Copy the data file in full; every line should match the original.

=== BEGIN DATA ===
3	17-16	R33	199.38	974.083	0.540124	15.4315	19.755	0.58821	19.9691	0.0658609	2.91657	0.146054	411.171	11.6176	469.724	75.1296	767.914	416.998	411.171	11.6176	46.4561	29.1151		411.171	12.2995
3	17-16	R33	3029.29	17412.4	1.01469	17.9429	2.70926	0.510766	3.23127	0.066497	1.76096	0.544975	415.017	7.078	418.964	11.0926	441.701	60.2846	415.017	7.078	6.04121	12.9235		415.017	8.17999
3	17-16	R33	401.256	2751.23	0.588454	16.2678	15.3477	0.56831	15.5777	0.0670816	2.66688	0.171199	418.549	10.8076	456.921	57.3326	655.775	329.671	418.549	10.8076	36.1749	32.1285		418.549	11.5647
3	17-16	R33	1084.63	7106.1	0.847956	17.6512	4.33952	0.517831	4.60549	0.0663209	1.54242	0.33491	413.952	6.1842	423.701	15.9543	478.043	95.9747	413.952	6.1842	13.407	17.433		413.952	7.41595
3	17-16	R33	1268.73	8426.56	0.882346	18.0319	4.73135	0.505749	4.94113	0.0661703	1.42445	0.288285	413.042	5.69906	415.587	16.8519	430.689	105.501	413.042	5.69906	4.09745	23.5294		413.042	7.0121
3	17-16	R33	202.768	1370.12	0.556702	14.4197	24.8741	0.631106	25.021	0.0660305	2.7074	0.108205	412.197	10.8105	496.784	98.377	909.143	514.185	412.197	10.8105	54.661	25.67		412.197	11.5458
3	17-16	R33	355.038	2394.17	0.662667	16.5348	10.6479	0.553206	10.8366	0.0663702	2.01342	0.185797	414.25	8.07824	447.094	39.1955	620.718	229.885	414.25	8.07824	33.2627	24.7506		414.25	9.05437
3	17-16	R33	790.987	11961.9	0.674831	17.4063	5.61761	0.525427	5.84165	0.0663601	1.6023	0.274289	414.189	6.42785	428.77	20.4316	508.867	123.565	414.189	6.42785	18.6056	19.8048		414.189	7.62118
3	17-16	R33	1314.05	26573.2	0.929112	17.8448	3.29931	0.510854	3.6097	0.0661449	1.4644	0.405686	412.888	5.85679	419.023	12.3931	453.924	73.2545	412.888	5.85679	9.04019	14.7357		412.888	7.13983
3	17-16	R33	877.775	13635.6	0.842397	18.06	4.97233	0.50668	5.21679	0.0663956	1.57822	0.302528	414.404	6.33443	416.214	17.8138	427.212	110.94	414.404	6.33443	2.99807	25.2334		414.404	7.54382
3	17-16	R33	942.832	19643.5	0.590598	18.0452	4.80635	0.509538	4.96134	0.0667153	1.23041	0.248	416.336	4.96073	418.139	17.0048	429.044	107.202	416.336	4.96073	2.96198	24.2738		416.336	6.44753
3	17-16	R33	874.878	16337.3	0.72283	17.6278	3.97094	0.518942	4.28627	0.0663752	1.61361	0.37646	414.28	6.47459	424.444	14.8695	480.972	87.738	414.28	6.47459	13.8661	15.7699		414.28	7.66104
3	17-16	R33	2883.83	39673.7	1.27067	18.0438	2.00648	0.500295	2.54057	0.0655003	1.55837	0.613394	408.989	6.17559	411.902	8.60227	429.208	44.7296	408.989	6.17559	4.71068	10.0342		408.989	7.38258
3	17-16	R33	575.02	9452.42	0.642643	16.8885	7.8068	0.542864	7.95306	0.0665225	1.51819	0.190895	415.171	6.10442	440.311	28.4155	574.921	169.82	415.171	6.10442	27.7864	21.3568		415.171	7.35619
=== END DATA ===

3	17-16	R33	199.38	974.083	0.540124	15.4315	19.755	0.58821	19.9691	0.0658609	2.91657	0.146054	411.171	11.6176	469.724	75.1296	767.914	416.998	411.171	11.6176	46.4561	29.1151		411.171	12.2995
3	17-16	R33	3029.29	17412.4	1.01469	17.9429	2.70926	0.510766	3.23127	0.066497	1.76096	0.544975	415.017	7.078	418.964	11.0926	441.701	60.2846	415.017	7.078	6.04121	12.9235		415.017	8.17999
3	17-16	R33	401.256	2751.23	0.588454	16.2678	15.3477	0.56831	15.5777	0.0670816	2.66688	0.171199	418.549	10.8076	456.921	57.3326	655.775	329.671	418.549	10.8076	36.1749	32.1285		418.549	11.5647
3	17-16	R33	1084.63	7106.1	0.847956	17.6512	4.33952	0.517831	4.60549	0.0663209	1.54242	0.33491	413.952	6.1842	423.701	15.9543	478.043	95.9747	413.952	6.1842	13.407	17.433		413.952	7.41595
3	17-16	R33	1268.73	8426.56	0.882346	18.0319	4.73135	0.505749	4.94113	0.0661703	1.42445	0.288285	413.042	5.69906	415.587	16.8519	430.689	105.501	413.042	5.69906	4.09745	23.5294		413.042	7.0121
3	17-16	R33	202.768	1370.12	0.556702	14.4197	24.8741	0.631106	25.021	0.0660305	2.7074	0.108205	412.197	10.8105	496.784	98.377	909.143	514.185	412.197	10.8105	54.661	25.67		412.197	11.5458
3	17-16	R33	355.038	2394.17	0.662667	16.5348	10.6479	0.553206	10.8366	0.0663702	2.01342	0.185797	414.25	8.07824	447.094	39.1955	620.718	229.885	414.25	8.07824	33.2627	24.7506		414.25	9.05437
3	17-16	R33	790.987	11961.9	0.674831	17.4063	5.61761	0.525427	5.84165	0.0663601	1.6023	0.274289	414.189	6.42785	428.77	20.4316	508.867	123.565	414.189	6.42785	18.6056	19.8048		414.189	7.62118
3	17-16	R33	1314.05	26573.2	0.929112	17.8448	3.29931	0.510854	3.6097	0.0661449	1.4644	0.405686	412.888	5.85679	419.023	12.3931	453.924	73.2545	412.888	5.85679	9.04019	14.7357		412.888	7.13983
3	17-16	R33	877.775	13635.6	0.842397	18.06	4.97233	0.50668	5.21679	0.0663956	1.57822	0.302528	414.404	6.33443	416.214	17.8138	427.212	110.94	414.404	6.33443	2.99807	25.2334		414.404	7.54382
3	17-16	R33	942.832	19643.5	0.590598	18.0452	4.80635	0.509538	4.96134	0.0667153	1.23041	0.248	416.336	4.96073	418.139	17.0048	429.044	107.202	416.336	4.96073	2.96198	24.2738		416.336	6.44753
3	17-16	R33	874.878	16337.3	0.72283	17.6278	3.97094	0.518942	4.28627	0.0663752	1.61361	0.37646	414.28	6.47459	424.444	14.8695	480.972	87.738	414.28	6.47459	13.8661	15.7699		414.28	7.66104
3	17-16	R33	2883.83	39673.7	1.27067	18.0438	2.00648	0.500295	2.54057	0.0655003	1.55837	0.613394	408.989	6.17559	411.902	8.60227	429.208	44.7296	408.989	6.17559	4.71068	10.0342		408.989	7.38258
3	17-16	R33	575.02	9452.42	0.642643	16.8885	7.8068	0.542864	7.95306	0.0665225	1.51819	0.190895	415.171	6.10442	440.311	28.4155	574.921	169.82	415.171	6.10442	27.7864	21.3568		415.171	7.35619